Liver vs Skeletal Stores
In humans the majority of glycogen is stored in skeletal muscles (∼500 g) and the liver (∼100 g). Glycogen is accumulated in the liver primarily during the postprandial period and in the skeletal muscle predominantly after exercise. Muscle glycogen decreases by ~30% after roughly 72 hours of fasting at rest.
As a point of reference for skeletal muscle glycogen usage in working musculature: using 80% of 1 rep max weight to failure of bicep curls for consecutive sets, glycogen levels are depleted ~12.5% after the first set and by ~25% of original storage by the third set.1 This suggests that skeletal muscle glycogen stores are actively depleted during resistance exercise, but it appears that there is a relative state of diminishing returns with regards to how much glycogen is depleted.
Even when performing high volume training (16 total sets of 160 reps of a single muscle group), muscle glycogen stores were only depleted ~33%.2 Standard eating patterns will easily replenish this before a training bout the following day. Therefore muscle glycogen stores are unlikely to become a limiting factor in resistance training.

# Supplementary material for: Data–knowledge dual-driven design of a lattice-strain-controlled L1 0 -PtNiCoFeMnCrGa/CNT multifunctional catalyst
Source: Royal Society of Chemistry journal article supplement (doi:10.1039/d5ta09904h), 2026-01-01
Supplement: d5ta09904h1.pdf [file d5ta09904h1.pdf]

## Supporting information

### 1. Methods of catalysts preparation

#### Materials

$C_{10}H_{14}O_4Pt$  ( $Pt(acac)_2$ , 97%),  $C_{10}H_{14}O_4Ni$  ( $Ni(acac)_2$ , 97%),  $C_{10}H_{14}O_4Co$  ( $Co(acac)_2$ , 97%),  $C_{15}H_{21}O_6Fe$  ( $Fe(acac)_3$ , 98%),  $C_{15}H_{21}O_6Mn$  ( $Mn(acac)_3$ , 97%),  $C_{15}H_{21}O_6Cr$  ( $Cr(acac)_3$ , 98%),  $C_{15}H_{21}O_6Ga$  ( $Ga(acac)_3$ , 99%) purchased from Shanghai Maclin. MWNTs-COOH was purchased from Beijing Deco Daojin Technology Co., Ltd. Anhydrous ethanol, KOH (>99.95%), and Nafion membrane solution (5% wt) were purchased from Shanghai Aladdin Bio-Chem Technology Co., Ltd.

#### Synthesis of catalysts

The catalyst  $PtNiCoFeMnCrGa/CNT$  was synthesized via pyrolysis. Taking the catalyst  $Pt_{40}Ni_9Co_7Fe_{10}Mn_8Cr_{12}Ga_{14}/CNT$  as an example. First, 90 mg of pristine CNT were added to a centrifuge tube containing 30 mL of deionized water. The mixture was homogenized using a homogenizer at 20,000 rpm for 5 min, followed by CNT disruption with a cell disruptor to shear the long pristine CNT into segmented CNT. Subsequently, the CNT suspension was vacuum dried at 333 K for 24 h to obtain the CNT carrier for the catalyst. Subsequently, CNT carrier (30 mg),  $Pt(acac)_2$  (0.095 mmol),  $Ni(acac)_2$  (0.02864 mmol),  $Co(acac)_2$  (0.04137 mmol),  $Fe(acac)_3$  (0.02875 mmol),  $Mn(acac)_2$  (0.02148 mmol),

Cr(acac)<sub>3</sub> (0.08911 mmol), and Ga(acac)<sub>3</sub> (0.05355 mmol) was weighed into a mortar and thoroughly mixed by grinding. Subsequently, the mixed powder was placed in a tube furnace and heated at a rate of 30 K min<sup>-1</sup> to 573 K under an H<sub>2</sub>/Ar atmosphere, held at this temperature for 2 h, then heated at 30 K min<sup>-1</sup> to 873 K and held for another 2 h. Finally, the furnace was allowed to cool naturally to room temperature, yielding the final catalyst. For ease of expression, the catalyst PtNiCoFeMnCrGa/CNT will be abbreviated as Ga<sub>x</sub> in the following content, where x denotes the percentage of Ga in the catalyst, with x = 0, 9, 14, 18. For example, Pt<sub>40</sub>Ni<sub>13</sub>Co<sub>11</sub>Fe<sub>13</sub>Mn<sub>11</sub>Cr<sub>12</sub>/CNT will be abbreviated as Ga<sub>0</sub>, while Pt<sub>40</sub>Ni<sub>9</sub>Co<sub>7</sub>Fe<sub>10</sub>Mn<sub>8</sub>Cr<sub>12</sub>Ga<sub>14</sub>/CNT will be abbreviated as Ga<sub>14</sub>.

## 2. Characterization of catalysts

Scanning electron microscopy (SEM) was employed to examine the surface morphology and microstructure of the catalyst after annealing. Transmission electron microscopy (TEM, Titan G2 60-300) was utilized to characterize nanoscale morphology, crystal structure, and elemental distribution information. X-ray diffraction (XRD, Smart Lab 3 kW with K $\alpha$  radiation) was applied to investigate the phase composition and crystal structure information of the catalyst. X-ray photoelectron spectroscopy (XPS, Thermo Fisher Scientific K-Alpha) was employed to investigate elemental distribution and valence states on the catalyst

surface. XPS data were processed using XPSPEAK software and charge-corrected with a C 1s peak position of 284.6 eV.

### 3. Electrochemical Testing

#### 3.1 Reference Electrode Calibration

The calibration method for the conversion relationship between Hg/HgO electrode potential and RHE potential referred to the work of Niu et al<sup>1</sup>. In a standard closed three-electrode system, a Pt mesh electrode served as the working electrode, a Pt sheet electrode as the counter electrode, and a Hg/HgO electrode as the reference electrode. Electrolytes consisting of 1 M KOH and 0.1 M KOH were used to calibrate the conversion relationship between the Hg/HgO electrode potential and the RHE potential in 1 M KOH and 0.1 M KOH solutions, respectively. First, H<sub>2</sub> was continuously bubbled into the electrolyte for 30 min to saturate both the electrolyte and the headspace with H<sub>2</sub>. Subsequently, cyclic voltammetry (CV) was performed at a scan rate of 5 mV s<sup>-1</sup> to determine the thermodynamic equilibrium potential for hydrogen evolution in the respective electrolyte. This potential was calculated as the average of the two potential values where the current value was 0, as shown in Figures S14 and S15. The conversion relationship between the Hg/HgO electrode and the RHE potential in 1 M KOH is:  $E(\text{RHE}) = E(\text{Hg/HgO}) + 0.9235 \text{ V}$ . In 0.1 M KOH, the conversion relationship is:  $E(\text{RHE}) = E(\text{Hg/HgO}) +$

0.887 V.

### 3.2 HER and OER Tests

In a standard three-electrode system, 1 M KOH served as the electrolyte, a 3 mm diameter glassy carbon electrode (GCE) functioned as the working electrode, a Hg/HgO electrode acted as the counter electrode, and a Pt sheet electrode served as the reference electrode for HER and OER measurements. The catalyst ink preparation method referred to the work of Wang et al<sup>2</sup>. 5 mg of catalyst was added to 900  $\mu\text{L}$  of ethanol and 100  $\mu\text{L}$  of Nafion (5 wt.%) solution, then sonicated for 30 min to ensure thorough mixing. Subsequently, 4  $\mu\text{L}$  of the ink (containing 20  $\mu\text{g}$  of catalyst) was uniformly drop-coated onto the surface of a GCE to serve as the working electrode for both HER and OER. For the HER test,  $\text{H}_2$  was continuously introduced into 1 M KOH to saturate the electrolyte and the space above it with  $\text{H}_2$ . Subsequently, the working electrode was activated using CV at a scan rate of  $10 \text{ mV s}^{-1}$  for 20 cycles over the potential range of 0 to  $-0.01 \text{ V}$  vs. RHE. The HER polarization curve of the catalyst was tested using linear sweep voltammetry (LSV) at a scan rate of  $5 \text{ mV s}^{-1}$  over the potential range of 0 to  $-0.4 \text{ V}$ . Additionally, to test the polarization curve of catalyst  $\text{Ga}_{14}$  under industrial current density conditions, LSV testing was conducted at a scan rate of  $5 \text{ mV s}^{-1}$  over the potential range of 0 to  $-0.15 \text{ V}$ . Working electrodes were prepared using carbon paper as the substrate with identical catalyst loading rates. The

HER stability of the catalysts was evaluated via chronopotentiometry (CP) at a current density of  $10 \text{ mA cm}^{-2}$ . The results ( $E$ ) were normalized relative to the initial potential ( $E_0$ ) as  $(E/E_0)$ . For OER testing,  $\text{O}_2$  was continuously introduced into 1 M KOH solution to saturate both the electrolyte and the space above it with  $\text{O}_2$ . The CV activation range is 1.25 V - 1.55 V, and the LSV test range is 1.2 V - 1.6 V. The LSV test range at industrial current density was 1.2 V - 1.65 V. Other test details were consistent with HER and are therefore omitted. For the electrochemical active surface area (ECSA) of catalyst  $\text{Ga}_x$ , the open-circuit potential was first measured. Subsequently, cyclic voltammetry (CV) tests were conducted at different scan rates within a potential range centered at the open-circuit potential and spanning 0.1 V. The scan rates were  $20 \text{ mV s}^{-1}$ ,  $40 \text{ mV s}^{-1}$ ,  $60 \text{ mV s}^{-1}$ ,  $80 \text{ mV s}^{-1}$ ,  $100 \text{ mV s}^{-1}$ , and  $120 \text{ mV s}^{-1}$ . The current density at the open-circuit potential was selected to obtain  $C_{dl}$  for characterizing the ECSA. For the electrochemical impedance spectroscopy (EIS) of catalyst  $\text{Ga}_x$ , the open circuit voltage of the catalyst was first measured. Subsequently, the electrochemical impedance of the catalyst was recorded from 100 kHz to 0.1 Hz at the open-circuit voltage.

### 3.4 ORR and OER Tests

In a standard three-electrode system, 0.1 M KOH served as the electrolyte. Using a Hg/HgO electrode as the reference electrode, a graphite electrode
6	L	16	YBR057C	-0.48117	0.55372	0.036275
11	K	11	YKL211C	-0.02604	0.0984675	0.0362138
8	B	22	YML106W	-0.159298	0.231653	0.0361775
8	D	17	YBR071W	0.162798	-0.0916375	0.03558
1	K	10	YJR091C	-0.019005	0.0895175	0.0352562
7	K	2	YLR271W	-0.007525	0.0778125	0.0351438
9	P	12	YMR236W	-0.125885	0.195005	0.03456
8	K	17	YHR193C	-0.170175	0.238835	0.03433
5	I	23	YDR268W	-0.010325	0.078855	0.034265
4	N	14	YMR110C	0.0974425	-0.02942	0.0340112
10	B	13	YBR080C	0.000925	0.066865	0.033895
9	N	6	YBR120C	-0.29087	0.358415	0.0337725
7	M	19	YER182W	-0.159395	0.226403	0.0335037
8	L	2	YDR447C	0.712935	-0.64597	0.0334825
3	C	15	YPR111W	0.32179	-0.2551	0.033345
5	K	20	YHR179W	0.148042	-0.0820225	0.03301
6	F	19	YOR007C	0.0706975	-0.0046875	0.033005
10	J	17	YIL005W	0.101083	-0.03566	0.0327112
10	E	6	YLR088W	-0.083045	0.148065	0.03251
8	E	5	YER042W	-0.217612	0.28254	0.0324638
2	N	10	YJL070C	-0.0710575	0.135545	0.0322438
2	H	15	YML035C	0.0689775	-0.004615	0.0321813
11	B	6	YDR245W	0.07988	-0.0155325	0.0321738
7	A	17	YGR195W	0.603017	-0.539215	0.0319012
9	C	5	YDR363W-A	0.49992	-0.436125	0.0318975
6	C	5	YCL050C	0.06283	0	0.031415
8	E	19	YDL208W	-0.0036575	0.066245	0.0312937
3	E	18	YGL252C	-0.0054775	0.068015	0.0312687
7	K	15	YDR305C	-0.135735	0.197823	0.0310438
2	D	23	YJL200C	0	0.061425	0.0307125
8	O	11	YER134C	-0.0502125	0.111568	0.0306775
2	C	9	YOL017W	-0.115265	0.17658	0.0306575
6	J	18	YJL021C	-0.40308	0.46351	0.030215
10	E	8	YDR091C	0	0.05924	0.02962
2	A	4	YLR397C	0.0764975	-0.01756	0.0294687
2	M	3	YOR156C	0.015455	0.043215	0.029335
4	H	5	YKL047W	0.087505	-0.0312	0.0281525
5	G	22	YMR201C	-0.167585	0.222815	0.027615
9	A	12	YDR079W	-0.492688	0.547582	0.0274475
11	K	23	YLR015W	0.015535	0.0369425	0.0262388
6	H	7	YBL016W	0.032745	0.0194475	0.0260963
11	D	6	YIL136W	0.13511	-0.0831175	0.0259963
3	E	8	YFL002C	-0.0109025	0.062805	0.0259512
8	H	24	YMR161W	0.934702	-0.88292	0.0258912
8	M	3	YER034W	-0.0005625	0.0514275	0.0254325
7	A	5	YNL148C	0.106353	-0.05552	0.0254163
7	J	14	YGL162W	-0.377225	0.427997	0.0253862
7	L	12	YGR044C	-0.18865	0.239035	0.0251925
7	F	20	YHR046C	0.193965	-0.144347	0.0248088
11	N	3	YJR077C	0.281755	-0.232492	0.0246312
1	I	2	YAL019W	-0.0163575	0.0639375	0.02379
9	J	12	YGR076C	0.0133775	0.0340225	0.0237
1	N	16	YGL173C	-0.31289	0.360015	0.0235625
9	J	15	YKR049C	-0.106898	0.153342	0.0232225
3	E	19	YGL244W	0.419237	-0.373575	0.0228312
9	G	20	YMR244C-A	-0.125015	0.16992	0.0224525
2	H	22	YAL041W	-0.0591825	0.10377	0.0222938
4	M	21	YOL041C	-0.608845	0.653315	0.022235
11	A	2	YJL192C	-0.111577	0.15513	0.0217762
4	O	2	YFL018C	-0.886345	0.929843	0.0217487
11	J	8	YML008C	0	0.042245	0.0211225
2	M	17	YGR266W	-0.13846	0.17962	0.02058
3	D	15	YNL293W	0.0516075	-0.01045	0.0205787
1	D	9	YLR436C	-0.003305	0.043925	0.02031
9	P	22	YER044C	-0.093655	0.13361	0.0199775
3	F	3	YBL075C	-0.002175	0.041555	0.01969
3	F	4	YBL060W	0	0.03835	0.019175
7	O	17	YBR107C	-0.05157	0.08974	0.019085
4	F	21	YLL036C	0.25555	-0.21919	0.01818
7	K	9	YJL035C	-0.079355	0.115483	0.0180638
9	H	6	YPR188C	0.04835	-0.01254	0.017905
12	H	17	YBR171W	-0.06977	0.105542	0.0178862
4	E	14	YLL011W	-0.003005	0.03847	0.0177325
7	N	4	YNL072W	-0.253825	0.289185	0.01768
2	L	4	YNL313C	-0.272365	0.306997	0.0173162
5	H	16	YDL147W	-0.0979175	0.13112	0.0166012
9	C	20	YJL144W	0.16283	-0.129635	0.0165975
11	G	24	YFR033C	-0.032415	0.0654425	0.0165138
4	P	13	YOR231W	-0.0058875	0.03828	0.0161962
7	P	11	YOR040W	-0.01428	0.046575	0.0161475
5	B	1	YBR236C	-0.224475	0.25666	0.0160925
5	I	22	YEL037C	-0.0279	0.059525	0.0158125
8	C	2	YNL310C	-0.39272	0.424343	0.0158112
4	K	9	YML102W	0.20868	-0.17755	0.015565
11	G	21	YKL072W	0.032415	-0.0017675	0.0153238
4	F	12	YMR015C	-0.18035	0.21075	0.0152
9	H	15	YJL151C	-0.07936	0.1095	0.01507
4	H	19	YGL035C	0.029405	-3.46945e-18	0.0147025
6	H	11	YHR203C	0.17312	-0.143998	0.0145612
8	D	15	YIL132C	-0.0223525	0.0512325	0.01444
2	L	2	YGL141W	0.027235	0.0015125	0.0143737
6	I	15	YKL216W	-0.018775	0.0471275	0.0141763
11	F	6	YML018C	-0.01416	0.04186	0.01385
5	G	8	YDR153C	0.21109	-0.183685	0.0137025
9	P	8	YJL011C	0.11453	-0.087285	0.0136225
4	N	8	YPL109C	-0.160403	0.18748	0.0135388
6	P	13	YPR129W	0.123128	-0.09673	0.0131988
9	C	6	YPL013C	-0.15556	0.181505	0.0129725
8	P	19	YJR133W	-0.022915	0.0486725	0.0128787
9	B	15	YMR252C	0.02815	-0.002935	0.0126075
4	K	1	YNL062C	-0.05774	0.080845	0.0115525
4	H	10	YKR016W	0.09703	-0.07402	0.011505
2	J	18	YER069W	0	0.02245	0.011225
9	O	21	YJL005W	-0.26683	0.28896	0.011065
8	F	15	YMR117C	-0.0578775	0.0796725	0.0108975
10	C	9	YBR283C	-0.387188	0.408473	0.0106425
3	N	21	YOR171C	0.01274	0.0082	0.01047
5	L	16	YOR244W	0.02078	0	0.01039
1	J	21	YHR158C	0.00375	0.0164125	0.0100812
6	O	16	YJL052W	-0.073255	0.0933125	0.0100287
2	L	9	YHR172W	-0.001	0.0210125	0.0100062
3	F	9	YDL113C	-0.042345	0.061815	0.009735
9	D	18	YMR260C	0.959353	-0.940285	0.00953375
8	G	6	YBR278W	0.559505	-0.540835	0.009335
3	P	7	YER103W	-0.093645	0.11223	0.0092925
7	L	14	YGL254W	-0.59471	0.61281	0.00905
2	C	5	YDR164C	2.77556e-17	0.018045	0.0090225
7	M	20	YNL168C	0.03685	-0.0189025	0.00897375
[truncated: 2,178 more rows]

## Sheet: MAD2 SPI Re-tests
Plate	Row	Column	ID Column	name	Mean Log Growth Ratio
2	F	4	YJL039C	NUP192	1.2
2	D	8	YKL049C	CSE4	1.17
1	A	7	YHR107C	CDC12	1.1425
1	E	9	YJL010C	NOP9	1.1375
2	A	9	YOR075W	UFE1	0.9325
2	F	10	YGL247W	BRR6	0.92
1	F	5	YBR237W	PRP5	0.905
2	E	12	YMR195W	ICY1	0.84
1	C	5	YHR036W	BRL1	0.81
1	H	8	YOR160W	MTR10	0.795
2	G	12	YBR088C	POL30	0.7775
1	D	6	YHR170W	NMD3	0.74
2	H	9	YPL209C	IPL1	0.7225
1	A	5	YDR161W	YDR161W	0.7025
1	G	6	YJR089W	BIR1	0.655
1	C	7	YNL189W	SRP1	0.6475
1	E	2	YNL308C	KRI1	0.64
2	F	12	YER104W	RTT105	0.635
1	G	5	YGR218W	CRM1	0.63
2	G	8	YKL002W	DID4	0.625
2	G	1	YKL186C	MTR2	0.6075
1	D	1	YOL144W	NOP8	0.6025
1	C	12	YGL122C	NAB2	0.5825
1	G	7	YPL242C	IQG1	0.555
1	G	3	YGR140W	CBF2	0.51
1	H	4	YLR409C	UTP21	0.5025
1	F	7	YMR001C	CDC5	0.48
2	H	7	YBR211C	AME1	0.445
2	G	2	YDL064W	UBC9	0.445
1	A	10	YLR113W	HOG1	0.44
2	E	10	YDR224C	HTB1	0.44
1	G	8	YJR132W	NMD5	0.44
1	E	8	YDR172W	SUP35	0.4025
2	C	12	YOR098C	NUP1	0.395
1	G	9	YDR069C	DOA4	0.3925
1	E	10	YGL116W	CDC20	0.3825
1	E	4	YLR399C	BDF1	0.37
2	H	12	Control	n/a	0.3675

The reduced glycogen stores in skeletal muscles after exercise allow carbohydrates to be stored as muscle glycogen and prevents glucose from being channeled to de novo lipid synthesis, which over time can cause ectopic fat accumulation and insulin resistance. The reduction of skeletal muscle glycogen after exercise allows a healthy storage of carbohydrates after meals and prevents development of type 2 diabetes.
- DOI: 10.1139/h99-017
- DOI: 10.1007/s00421-005-0118-0